Legends, they became.
On Thursday, April 27—a day before the start of the festival—revelers who made it to the island that was never owned by Pablo Escobar found a storm-swept, sandy expanse with tents strewn about instead of the luxury accommodations promised. They were then told to grab whatever tent they could. Their luggage, once it finally got to the site from the airport, was dispersed to them from the back of a shipping container.
As the night wore on and it became increasingly evident that the Fyre Festival was not going as planned—or, like, at all—people started planning their escapes. Soon, they overwhelmed the small island airport and sat on the tarmac overnight before finally getting clearance to fly home.
We know the play-by-play of the disaster thanks in large part to people like Crossno, who live-tweeted the events under his pen name William Needham Finley IV.
The image that still sticks out the most in Crossno’s mind is the organizer’s notebook he found on the island. It includes insightful items such as a to-do list from April 14 saying to head to the site “at some point.”
Also: a cryptic “chips?” on a ledger of foodstuffs needed for the general store that never materialized.
“I wish I could tell people that this was a great thing to learn from, but there really wasn’t any way to know that it would turn out the way that it did,” Crossno says. “Maybe the next time you’re flying out for a music festival, try even harder to find out if it’s fraudulent?”
So why are we all still talking about this? Schadenfreude, basically.
Much of the tenor of the immediate reaction to initial reports coming out of Grand Exuma on that day was disdainful. It was just a bunch of rich, dumb millennials getting what they deserved. Not only the organizers presiding over the mess, but the spectators willing to follow Kendall Jenner down to the island of unfulfilled promises.
— eyeland gyal (@BaddieLambily) April 28, 2017
Crossno says the best reply he got, among the garden variety “you deserve it, loser” messages, was from someone telling him that William Needham Finley IV “sounds like a made-up name for a rich white guy.”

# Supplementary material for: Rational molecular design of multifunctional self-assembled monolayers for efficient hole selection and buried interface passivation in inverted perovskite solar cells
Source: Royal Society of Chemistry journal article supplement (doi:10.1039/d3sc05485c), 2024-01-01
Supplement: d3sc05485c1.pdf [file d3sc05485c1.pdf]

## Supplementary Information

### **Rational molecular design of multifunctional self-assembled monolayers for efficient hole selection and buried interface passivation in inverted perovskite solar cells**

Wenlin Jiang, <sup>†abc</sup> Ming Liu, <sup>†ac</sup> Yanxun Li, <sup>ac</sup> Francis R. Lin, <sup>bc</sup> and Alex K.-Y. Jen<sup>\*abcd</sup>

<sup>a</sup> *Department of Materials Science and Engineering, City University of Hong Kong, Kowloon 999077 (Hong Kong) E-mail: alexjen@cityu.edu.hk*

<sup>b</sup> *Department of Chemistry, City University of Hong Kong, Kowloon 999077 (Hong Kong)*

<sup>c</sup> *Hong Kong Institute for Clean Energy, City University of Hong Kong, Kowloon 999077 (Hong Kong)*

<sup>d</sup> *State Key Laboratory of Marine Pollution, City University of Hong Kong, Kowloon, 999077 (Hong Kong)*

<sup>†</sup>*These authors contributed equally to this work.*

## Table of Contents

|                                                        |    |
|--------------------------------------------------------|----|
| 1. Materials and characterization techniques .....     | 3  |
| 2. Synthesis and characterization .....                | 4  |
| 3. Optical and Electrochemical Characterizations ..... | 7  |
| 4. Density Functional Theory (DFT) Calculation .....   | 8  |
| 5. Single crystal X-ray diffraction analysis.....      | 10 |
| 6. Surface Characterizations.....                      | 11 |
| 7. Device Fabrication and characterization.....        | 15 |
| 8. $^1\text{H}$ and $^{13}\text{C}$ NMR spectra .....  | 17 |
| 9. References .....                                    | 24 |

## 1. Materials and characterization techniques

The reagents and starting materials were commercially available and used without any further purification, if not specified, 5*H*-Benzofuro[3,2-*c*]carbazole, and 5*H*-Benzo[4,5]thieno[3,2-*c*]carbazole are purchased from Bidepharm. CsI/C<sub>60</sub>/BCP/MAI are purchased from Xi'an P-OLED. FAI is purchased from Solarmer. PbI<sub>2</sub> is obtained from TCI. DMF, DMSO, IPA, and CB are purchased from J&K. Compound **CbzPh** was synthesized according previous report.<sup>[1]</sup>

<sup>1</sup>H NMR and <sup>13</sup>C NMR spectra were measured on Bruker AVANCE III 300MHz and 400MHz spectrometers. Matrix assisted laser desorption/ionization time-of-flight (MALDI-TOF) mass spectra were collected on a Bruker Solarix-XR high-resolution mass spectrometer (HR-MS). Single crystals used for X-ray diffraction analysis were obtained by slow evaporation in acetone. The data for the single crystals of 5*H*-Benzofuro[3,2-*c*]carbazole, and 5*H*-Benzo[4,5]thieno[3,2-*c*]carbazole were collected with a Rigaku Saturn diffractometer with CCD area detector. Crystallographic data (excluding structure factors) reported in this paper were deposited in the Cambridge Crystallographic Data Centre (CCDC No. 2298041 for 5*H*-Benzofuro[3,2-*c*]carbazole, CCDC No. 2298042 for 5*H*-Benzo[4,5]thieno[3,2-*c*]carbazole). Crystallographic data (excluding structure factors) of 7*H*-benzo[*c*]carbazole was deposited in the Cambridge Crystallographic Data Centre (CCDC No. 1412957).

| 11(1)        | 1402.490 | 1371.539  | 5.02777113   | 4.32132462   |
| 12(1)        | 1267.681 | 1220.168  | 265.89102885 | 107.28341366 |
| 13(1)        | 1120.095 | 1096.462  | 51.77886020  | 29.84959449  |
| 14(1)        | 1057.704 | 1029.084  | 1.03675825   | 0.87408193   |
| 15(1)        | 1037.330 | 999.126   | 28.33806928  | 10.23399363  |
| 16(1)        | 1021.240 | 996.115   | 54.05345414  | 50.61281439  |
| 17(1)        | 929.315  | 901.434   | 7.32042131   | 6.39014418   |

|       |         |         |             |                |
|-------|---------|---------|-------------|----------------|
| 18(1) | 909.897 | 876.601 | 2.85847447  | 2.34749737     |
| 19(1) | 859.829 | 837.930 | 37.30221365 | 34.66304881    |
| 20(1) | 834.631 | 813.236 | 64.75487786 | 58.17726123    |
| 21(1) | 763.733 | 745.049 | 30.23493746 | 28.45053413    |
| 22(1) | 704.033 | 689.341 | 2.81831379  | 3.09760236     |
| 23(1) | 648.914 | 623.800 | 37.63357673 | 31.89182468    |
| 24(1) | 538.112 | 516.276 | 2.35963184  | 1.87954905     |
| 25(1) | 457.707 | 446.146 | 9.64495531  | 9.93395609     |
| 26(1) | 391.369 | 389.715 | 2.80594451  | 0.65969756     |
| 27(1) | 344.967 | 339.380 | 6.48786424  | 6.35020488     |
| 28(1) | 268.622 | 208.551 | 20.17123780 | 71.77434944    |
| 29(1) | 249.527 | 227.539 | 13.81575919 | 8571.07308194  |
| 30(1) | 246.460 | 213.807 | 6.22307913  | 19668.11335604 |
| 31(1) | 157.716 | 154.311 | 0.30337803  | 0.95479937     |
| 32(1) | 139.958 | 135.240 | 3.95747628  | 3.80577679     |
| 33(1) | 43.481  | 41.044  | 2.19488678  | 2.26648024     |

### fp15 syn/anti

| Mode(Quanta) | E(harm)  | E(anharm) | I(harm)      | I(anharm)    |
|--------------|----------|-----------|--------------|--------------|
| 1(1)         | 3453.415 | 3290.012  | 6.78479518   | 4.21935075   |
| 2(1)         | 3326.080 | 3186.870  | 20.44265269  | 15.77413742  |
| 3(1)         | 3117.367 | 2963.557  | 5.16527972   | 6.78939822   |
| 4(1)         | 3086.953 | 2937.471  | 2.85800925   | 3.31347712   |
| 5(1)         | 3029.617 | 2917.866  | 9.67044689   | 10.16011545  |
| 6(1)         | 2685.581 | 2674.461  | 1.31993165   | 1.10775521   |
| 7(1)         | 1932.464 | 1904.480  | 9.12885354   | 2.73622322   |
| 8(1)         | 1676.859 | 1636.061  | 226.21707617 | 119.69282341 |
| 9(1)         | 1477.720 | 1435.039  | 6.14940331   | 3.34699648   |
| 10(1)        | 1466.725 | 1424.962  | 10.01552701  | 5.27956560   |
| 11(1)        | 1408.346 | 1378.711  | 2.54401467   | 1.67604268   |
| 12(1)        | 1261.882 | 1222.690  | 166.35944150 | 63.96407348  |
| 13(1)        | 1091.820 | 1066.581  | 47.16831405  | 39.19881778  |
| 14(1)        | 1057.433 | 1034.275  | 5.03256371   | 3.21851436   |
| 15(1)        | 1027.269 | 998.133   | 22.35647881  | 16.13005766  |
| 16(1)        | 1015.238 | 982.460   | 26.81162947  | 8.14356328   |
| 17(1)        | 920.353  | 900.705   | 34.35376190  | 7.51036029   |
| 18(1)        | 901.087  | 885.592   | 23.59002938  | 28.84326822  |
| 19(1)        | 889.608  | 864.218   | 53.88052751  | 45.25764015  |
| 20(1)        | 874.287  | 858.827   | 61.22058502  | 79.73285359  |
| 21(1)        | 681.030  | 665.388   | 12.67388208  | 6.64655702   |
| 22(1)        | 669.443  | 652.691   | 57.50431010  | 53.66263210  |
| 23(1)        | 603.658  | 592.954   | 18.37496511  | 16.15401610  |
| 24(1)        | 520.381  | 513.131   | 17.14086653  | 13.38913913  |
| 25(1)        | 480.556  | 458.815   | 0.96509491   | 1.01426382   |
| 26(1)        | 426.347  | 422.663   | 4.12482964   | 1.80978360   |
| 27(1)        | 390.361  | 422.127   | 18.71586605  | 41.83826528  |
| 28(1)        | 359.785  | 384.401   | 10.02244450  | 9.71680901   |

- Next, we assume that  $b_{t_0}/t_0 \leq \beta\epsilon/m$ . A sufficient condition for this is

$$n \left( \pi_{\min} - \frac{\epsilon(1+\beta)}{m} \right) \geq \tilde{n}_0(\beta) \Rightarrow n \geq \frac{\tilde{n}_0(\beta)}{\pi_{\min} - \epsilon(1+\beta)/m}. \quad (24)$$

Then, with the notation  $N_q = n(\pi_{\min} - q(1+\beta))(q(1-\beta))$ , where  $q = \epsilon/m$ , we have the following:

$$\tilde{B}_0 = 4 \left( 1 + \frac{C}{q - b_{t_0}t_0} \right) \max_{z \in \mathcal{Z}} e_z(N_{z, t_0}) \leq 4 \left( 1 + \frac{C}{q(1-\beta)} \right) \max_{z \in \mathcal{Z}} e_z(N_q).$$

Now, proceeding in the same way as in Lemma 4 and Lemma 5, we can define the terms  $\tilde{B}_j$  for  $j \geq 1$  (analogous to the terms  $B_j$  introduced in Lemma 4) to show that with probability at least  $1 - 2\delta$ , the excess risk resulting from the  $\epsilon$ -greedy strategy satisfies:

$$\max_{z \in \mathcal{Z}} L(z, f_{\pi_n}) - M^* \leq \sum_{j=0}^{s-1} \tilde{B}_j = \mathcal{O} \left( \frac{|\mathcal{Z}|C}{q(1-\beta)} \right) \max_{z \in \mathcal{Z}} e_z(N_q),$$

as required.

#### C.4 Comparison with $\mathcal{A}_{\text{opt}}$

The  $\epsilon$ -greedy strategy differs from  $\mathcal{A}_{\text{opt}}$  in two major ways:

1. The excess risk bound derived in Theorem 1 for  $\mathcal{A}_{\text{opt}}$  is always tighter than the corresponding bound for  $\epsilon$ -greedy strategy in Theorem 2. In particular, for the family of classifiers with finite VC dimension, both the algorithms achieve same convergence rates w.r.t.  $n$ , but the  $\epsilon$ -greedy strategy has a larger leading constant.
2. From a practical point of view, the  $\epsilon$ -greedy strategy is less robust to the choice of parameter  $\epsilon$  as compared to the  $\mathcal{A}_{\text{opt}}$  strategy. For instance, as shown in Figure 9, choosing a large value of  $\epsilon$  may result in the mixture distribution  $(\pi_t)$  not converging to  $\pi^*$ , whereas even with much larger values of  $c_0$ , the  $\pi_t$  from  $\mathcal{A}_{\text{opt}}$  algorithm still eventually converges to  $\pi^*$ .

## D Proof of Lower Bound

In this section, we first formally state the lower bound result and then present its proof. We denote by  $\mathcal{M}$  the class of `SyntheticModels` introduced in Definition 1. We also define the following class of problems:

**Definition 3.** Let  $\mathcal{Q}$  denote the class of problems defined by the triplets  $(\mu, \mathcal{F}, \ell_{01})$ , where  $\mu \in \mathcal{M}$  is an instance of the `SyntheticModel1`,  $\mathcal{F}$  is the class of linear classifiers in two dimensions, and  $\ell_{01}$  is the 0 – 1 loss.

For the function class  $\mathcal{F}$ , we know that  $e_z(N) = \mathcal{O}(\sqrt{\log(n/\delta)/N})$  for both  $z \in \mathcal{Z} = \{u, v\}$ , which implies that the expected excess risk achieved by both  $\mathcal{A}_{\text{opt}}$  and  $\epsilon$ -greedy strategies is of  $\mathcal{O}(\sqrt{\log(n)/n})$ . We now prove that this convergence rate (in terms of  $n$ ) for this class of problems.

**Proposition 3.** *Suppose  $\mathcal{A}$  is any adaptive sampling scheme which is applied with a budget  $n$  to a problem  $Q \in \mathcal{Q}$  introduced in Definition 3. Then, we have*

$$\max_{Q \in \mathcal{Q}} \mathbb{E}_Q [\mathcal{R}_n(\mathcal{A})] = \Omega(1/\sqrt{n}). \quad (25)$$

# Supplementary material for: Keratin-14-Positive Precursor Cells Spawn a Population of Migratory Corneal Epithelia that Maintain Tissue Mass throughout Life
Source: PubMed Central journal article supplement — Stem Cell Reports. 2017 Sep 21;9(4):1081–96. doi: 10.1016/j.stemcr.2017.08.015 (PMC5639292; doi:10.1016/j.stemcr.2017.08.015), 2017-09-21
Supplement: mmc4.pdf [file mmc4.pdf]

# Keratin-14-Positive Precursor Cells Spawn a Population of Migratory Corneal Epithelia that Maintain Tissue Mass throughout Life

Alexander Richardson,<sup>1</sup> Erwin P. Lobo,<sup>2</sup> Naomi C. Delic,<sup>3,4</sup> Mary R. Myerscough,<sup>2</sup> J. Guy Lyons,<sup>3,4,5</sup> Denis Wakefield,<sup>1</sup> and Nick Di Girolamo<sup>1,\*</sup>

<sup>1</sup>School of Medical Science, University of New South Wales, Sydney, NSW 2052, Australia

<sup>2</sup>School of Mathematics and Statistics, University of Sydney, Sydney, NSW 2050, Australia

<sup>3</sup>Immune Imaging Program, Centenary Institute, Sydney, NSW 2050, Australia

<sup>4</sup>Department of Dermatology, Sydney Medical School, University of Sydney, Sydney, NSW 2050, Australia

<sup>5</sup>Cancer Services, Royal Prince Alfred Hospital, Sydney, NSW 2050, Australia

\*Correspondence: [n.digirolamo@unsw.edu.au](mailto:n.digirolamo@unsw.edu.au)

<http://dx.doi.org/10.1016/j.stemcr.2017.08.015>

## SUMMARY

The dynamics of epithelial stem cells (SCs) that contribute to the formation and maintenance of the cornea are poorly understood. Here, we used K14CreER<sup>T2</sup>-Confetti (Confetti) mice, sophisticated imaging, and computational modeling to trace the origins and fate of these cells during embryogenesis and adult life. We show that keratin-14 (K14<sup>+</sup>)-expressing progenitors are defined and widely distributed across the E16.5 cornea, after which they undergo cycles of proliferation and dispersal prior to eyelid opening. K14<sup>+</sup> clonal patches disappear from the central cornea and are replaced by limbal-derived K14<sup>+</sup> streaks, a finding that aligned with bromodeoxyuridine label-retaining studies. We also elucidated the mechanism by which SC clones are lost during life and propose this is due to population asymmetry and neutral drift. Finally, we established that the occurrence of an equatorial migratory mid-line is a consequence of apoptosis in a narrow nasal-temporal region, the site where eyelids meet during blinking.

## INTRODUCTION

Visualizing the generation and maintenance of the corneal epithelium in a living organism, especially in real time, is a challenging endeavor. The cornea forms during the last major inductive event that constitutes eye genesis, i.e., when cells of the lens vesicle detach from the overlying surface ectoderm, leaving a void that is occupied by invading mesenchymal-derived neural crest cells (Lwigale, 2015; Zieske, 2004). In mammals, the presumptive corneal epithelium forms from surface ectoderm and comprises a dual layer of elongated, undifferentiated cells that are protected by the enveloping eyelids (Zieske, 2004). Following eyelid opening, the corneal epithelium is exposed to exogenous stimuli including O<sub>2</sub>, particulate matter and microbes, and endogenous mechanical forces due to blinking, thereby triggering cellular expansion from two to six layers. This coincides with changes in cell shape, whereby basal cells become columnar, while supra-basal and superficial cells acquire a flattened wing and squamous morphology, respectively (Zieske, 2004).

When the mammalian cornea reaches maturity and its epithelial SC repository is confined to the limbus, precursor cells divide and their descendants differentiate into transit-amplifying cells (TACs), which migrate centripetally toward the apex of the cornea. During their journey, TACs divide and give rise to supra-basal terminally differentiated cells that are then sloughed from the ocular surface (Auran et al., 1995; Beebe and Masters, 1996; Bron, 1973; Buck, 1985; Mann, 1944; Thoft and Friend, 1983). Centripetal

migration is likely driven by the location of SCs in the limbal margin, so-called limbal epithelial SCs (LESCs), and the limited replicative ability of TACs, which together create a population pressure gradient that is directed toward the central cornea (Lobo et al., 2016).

Which it was. For a character that Crossno uses to satirize rich, vapid millennials.
“Man, you really hit the nail on the head there,” Crossno says.
Crossno’s not really asking for anybody’s sympathy. Everybody made it back to the mainland, nobody died, some people are even getting their money back through litigation. He doesn’t care if people think he’s foolish.
But that reductive way of thinking about the Fyre Festival also detracts from the organizers’ role as the true perpetrators in the fiasco, as well as the victims that ended up paying a whole lot more than the disappointed concertgoers.
Namely, the native vendors on the island that Fyre Festival contracted for services, then never paid. Business owners like Elvis Rolle, of Exuma Pointe Bar & Grille, who told Vanity Fair last summer that McFarland still owed him $135,000.
And what about the role that the celebrity endorsers played? Sure, they might have taken a hit or two in the months after the event, but their brands are still intact.
They’re still highly regarded “influencers.”
Tragic Figure or Total Fraud?
And what are we to make of McFarland, the Icarus in this scenario, the one who flew too close to the sun? Is he just a well-meaning event promoter who got in over his head, an unrepentant grifter, or somewhere in between?
Crossno says he used to come down more on the side of “overwhelmed idealist.” Now, he’s firmly in the “grifter” camp.